Ik Onkar is the statement of oneness in Sikhism, that is'there is one God'. The phrase is a compound of the numeral one and onkar, states Doniger, canonically understood in Sikhism to refer to "absolute monotheistic unity of God". Ik Onkar has a prominent position at the head of the Mul Mantar and the opening words of the Sri Guru Granth Sahib; the Onkar of Sikhism is related to Om in Hinduism. Some Sikhs disagree. Onkar is, states Wazir Singh, a "variation of Om of the ancient Indian scriptures, implying the seed-force that evolves as the universe". Guru Nanak wrote a poem entitled Oankar in which, states Doniger, he "attributed the origin and sense of speech to the Divinity, thus the Om-maker", it is constituted of two components - Onkar. Ek means one, is written as a numerical figure'1'. Onkar stands for the Primal mystical Divine Name of God referred to as Brahman in the Vedic literature. In order to grasp the underlying spiritual significance and meaning of Ek-Onkar each of its components needs to be studied in depth, beginning with Onkar.
The root of Onkar is traceable to the Hindu sacred syllable Om written as Aum. In the beginning, Om was used as a reply of approval or consent. At a stage, with the evolution of Indian philosophic thought, the sages of Upanishads pronounced it as an adequate symbol of the Absolute Transcendent Reality, Brahman, it is considered as the unity of all sound to which all matters and energy are reduced in their primordial form, hence fit as a symbol for Atman or Brahman, the Supreme Being, the unity of all existence. These - and some other - considerations led the Vedic sages to accord to Om the highest Divine reverence and worship; as a sacred and powerful Mantra it forms part of daily worship and meditation by Hindu devotees. It is treated as the holiest symbol of Divinity calling it Nada Brahma or Shabda Brahma in the form of sound, its nearest equivalent in the West is Logos or the'Word'. St. John's Gospel expounds it thus: "in the beginning was the Word and the Word was with God and the Word was God."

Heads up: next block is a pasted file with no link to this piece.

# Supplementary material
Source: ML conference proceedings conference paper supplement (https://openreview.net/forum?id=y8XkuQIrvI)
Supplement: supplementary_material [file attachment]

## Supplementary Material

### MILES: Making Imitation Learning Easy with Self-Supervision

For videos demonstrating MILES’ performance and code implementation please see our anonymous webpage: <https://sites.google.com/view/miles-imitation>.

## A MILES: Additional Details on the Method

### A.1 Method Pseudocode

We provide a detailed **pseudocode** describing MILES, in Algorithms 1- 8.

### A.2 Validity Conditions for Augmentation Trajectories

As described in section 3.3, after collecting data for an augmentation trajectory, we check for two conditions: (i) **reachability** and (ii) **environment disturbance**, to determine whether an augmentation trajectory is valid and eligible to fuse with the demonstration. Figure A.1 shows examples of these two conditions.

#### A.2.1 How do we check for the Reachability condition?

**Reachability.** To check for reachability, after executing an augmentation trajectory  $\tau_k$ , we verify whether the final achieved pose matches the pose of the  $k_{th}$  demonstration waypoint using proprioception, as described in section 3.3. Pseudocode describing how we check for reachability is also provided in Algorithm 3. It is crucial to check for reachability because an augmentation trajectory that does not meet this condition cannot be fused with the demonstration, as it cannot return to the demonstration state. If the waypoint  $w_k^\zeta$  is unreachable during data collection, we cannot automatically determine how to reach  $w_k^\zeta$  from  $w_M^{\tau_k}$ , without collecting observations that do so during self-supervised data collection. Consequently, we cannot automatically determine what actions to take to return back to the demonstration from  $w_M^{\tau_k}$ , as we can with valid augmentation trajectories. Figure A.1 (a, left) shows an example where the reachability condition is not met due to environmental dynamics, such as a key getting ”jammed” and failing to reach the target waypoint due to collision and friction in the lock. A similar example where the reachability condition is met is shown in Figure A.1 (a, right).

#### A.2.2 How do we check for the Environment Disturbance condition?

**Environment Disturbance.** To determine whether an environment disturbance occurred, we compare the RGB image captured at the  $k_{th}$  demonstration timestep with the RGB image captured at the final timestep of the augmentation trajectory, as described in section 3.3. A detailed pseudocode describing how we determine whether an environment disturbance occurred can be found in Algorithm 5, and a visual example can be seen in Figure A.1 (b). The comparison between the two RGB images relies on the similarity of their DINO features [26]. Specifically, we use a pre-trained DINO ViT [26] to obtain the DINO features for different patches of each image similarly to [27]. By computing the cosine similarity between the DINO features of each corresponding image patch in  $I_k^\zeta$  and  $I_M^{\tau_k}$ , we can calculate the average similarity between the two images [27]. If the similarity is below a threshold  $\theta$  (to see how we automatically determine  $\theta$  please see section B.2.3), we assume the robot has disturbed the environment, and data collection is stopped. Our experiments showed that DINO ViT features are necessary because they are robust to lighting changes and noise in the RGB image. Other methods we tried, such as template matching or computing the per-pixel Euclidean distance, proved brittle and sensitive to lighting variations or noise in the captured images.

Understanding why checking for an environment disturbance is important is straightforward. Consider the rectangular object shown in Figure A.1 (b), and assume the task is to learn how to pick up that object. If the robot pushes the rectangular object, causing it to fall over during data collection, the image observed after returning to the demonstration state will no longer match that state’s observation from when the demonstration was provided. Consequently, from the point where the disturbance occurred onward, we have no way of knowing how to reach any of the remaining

The Word was the true light that enlightens all men! Written in original, it is composed of three letters of Sanskrit alphabet, corresponding to A U M of English alphabet. According to certain interpretations, the three sounds represent three facets of Nirguna Parabrahm Paramatma - the One Formless Supreme Being; these facets namely are creation and destruction. Symbolically, these different facets of the One are sometimes represented in the Sagun forms of Brahma and Shiva. There always is consciousness in Hinduism, that these forms are representations of the One. Guru Nanak followed in the tradition of Nirguna Parabrahm Paramatma - One and Only One Formless Supreme Being, an Indivisible Entity; this belief in the unity of God he has re-iterated in various ways in his other compositions as well. At one place he emphatically affirms, Sahib mera Eko hai, Eko hai Bhai, eko hai. In English:'My Master is One, One only, Oh Brother, He is Sole.' So Guru Nanak's revealed Scripture place numerical figure'1' before Onkar thus enhancing his firm conviction in the unity of God.
Its main importance and underlying significance lies in the